Is There a Painful Little Weather Forecaster in Your Joints?
There are 206 bones in the human body. Some of those bones meet, and it’s a good thing they do.
Joints are located where those bones meet, and they allow your skeleton to bend and move. They include your shoulders, hips, elbows, knees and hands.
Now, as wonderful and necessary as joints are, they can cause us issues due to a variety of factors. Including overuse.
As we age, joint pain can become more frequent. It can range from mild discomfort to an aching or soreness. And sometime to more intense pain. Occasionally the area around a sore joint is swollen or red. Sometimes it’s tender or warm to the touch.
Trying to Pinpoint the Cause
Like seasonal allergies, joint discomfort can increase due to changing weather. Depending on where you live, you might be experiencing this as your weather turns colder.
Many people report more joint pain when it’s raining or cold outside. In fact, some people start to feel it even before the weather changes.
Dr. Javad Parvizi is a joint specialist at Thomas Jefferson University Hospital. It’s located in Philadelphia, Pennsylvania.
He says, “The phenomenon of people being able to forecast precipitation, especially rain, due to the level of their joint pain is real. There is science to back it up.”
Scientists who have studied this phenomenon attribute it to different causes. Including changes in barometric pressure, humidity, temperature and precipitation.
Despite all the studies, there is no solid consensus on which weather factor is most to blame for the increase in discomfort. Perhaps they all contribute to some extent.
Targeting Barometric Pressure Changes
But barometric pressure changes may be the most likely candidate. One theory is that when cartilage cushioning bones inside a joint is eroded, nerves in the bones can be exposed. That can cause a reaction to the pressure change.
Another theory says that barometric pressure changes can cause expansion and contraction of tendons. Plus muscles and scar tissue. That can result in joint pain.
Yet another theory says lower temperatures can thicken fluid inside joints. That can make them feel stiffer.
Joints can also stiffen up when they’re not used as much as normal. Cold weather and rain could be indirect causes of this as well. That’s because we tend to stay indoors and more sedentary during the winter.
Sensory Nerves Act Up
Scientists who believe barometric pressure changes are the main cause of weather-related joint pain point to sensory nerves in joints. They’re called baroreceptors.
These baroreceptors react to changes in barometric pressure. Especially when the pressure lowers. As is the case when the atmosphere changes from dry to moist.
“When pressure in the environment changes, we know that the amount of fluid in the joint or the pressure inside the joint fluctuates with it,” Parvizi said.
“Our goal is to get that painful little weatherman out of the patient’s joints while treating the root cause of their condition.”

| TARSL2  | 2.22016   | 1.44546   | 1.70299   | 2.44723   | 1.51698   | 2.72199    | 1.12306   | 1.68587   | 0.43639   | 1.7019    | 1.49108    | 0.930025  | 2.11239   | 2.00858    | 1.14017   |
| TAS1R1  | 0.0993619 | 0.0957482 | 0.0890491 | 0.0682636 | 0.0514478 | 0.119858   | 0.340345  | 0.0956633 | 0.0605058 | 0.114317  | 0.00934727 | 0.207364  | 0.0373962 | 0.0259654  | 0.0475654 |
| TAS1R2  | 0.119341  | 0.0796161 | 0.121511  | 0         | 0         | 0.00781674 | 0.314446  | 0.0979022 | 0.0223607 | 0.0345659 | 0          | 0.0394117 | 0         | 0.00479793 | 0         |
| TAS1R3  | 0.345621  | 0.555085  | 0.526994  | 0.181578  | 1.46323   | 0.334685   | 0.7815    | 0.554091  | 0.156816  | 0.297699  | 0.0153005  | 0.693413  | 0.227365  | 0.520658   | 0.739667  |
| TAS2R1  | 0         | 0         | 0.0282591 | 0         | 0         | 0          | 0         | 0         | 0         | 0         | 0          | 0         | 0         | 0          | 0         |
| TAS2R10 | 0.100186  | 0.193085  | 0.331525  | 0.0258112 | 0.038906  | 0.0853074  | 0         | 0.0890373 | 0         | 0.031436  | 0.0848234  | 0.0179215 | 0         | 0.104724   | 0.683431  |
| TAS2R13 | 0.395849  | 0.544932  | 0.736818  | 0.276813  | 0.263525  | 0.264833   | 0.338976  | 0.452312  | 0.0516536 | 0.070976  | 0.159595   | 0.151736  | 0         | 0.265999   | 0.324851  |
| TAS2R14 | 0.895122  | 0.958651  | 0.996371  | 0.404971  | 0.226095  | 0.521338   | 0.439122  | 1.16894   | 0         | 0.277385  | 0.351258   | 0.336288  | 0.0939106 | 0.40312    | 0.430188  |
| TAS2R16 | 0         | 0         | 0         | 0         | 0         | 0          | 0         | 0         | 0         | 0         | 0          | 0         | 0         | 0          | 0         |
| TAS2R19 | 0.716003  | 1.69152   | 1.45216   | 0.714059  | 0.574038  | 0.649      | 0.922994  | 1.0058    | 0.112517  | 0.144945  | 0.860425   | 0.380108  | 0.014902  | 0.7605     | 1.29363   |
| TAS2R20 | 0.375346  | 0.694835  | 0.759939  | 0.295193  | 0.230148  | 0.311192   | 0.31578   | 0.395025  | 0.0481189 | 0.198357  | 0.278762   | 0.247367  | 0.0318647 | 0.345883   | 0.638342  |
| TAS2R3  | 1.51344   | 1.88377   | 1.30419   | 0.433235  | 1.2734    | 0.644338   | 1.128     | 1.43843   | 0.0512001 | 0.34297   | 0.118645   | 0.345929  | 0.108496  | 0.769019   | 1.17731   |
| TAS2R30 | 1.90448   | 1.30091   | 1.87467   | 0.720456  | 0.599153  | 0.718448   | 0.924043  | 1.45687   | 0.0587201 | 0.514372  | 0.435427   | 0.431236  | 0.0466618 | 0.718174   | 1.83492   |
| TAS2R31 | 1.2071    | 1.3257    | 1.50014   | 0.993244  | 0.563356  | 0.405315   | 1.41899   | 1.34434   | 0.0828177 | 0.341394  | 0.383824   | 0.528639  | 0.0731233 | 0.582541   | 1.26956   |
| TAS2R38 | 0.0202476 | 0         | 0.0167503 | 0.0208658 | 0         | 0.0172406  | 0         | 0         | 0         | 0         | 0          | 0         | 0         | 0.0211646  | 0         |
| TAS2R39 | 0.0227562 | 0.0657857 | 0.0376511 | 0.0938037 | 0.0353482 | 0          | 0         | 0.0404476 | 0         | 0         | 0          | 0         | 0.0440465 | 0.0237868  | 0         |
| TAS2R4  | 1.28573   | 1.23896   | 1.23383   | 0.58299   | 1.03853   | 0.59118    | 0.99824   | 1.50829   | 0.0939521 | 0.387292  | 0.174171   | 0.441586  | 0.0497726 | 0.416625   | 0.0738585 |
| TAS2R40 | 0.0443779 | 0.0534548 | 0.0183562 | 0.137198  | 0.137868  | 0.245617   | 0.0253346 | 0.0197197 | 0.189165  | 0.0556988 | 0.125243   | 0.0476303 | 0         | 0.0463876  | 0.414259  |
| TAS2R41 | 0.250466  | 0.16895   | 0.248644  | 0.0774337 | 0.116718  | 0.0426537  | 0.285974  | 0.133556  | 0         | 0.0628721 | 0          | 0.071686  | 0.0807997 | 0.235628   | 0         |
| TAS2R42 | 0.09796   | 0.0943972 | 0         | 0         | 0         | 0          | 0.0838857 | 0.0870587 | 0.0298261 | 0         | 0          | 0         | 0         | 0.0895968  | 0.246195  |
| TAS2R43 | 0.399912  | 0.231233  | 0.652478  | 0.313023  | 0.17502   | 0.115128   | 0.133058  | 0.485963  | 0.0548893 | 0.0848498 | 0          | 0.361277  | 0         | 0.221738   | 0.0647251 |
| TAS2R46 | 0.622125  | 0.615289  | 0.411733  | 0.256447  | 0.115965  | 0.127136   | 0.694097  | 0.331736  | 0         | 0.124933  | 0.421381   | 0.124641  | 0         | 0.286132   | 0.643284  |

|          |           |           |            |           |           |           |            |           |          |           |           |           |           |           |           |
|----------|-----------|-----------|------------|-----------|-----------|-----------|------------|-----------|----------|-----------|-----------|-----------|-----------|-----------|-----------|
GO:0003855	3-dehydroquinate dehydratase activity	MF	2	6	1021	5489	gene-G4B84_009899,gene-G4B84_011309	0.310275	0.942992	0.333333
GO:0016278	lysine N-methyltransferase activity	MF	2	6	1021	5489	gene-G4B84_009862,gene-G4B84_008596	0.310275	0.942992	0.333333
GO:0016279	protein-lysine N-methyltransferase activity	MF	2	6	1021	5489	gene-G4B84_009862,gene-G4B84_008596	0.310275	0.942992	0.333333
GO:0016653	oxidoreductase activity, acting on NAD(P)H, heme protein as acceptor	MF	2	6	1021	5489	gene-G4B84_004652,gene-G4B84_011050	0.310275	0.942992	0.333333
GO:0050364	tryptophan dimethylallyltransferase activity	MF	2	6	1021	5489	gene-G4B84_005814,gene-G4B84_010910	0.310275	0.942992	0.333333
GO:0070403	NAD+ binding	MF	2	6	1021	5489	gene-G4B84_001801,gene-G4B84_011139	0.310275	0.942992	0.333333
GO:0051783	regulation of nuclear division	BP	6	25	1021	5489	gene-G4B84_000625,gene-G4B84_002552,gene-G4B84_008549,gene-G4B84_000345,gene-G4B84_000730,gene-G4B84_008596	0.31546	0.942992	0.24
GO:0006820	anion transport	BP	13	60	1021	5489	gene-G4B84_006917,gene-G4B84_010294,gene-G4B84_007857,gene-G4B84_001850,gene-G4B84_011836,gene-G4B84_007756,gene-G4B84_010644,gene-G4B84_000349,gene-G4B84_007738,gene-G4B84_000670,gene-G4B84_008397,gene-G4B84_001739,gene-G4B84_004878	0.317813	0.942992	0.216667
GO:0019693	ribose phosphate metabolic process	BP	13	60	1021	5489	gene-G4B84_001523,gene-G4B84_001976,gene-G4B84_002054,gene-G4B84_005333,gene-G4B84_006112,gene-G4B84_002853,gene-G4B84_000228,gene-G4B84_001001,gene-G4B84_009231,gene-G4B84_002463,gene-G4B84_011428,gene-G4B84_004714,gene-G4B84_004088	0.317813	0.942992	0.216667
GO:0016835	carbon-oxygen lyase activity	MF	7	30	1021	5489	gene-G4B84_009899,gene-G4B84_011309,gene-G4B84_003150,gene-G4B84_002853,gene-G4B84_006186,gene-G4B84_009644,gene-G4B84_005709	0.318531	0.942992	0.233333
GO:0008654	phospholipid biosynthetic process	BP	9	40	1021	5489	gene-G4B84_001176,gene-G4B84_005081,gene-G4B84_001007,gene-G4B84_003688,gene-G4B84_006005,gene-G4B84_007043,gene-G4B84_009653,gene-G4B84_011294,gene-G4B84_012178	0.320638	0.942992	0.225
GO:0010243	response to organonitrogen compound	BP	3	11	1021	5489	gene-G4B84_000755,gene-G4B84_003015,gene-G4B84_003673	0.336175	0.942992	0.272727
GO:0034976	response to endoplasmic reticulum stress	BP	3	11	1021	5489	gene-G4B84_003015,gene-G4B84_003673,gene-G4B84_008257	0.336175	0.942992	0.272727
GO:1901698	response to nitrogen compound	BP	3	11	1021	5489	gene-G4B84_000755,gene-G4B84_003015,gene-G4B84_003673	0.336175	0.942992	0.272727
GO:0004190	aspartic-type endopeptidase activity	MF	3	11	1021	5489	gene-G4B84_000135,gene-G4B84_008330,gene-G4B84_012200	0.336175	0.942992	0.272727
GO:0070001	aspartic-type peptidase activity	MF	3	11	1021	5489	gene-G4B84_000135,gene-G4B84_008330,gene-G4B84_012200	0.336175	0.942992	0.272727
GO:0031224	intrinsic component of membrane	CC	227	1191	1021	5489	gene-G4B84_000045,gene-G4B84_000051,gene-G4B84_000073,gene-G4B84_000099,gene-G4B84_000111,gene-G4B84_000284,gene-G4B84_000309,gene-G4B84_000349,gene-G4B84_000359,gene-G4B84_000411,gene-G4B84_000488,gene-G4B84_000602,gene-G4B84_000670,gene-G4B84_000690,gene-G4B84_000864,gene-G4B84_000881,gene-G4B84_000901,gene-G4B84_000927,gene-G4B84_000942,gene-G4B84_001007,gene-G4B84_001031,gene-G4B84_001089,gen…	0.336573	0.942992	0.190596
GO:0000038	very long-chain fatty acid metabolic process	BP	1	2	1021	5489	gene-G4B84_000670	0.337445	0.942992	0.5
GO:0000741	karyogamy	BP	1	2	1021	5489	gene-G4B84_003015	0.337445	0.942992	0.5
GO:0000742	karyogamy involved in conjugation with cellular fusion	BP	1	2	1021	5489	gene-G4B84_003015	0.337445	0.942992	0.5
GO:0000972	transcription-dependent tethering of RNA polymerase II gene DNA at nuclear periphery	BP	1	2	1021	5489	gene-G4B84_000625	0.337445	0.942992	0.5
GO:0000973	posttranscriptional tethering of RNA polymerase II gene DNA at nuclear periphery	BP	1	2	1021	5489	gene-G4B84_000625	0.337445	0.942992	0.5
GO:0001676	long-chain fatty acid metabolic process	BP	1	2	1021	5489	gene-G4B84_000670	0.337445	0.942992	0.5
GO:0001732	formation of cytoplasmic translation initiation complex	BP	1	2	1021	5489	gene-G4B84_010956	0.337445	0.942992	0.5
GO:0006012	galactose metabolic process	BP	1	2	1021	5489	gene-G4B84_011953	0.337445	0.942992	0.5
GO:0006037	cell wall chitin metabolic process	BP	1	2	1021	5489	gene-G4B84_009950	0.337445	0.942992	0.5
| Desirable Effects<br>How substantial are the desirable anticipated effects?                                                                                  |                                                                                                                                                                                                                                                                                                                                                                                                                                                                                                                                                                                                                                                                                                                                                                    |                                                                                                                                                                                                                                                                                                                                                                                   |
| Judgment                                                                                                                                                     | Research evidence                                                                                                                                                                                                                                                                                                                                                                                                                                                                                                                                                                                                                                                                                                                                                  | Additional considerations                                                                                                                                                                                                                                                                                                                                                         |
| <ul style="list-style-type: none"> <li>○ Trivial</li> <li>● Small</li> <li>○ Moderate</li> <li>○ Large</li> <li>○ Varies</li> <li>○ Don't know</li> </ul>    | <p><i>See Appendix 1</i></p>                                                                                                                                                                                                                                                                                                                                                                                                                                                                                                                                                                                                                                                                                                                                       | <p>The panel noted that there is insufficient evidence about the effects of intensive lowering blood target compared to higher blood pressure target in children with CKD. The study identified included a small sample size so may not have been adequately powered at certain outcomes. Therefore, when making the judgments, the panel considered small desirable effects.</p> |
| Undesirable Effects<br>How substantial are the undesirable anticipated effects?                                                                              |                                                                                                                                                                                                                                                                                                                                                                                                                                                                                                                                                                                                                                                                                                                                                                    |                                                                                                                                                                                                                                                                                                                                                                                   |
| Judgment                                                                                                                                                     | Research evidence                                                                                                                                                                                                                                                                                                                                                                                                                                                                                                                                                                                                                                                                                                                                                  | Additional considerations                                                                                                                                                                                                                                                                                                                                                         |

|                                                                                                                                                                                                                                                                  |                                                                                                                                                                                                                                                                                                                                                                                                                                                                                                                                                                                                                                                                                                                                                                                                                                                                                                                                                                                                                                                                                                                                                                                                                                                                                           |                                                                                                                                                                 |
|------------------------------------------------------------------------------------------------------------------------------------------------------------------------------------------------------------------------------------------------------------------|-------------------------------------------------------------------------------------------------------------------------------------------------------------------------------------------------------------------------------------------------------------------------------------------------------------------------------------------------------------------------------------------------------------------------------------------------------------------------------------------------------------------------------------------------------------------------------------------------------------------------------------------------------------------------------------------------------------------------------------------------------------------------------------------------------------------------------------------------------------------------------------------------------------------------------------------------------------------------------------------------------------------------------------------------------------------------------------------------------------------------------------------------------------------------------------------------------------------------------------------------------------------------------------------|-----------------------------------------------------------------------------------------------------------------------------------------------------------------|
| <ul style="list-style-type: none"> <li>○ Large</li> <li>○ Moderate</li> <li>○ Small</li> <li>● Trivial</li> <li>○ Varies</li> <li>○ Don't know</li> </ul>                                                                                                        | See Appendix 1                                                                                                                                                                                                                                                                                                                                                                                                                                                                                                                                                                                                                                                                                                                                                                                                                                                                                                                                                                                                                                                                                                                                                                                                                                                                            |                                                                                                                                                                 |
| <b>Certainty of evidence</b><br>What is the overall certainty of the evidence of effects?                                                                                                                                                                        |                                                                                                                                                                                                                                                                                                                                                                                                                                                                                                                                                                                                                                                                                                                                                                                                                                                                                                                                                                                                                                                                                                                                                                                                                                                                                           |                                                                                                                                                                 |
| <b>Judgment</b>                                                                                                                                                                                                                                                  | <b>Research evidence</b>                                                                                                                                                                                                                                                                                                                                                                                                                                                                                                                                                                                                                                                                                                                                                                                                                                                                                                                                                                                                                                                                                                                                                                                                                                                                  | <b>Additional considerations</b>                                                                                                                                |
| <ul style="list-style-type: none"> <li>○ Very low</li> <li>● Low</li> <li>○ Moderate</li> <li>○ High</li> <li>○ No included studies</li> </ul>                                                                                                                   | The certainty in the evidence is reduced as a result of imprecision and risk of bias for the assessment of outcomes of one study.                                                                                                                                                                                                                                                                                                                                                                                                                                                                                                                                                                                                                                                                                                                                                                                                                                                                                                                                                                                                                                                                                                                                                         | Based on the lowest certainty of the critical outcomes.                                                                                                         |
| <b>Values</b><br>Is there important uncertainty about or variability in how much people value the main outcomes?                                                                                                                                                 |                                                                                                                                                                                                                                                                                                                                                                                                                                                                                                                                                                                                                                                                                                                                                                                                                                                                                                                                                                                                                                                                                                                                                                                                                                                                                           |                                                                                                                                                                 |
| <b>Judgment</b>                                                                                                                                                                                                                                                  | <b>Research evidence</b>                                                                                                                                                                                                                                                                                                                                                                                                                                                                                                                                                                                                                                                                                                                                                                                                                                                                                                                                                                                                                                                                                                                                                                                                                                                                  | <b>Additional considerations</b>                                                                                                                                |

Rapid Changes Are Worse
Dr. Robert Bolash is a pain management specialist. He’s affiliated with the Cleveland Clinic in Ohio.
He says, “Weather changes actually can affect… joint pain. Anecdotal evidence is significant in leading us to think achy joints and rainy days are related.
“When barometric pressure and temperature fall and humidity rises, patients will complain of more aches and pains. Damp cold seems to exacerbate pain.”
Bolash added it’s not only changes in pressure, temperature and humidity that trigger discomfort. But also the speed at which these changes take place.
Studies Are All Over the Map
Not all scientists believe barometric pressure is the main cause of weather-related joint pain. They feel that most studies have not been conclusive enough.
For example, one survey of people with knee problems found their pain increased when the temperature and barometric pressure dropped.
Another study of people with hip issues determined this. They experienced more discomfort when humidity and the barometric pressure rose.
One research group assumed matching up medical records of joint pain sufferers with weather conditions might reveal something significant. It didn’t.
How to Find Relief
Here’s the bottom line. If weather changes increase your joint pain, it doesn’t really matter exactly why. What matters is getting relief. Here are a few ways you can do this, courtesy of WebMD.com.
- When temperatures drop, try to keep yourself warm. Take warm showers or baths. Dress in layers during the day including gloves and warm socks. Use an electric blanket at night. Turn up the thermostat if necessary.
- Try a paraffin bath. It’s a small machine that melts paraffin wax. Dip your hands and feet in, then let the wax harden on your skin. Your body absorbs the heat, which may soothe achy joints. Or use a heating pad on sore spots.
- Ask your doctor if some pain medications would be safe and helpful for you. Such as non-steroidal anti-inflammatory drugs.
- Keep a healthy weight and stay active. Try exercise that is gentle on joints. Such as yoga or swimming. You’ll be able to build up muscle and bone strength along the way. Remember to limber up first with stretches before you exercise outdoors.
- Make sure you take care of your health in general. With good nutrition and plenty of sleep.
No matter where you live, it’s possible your joint health could be negatively affected by weather changes. Fortunately, there are ways to lessen that discomfort.
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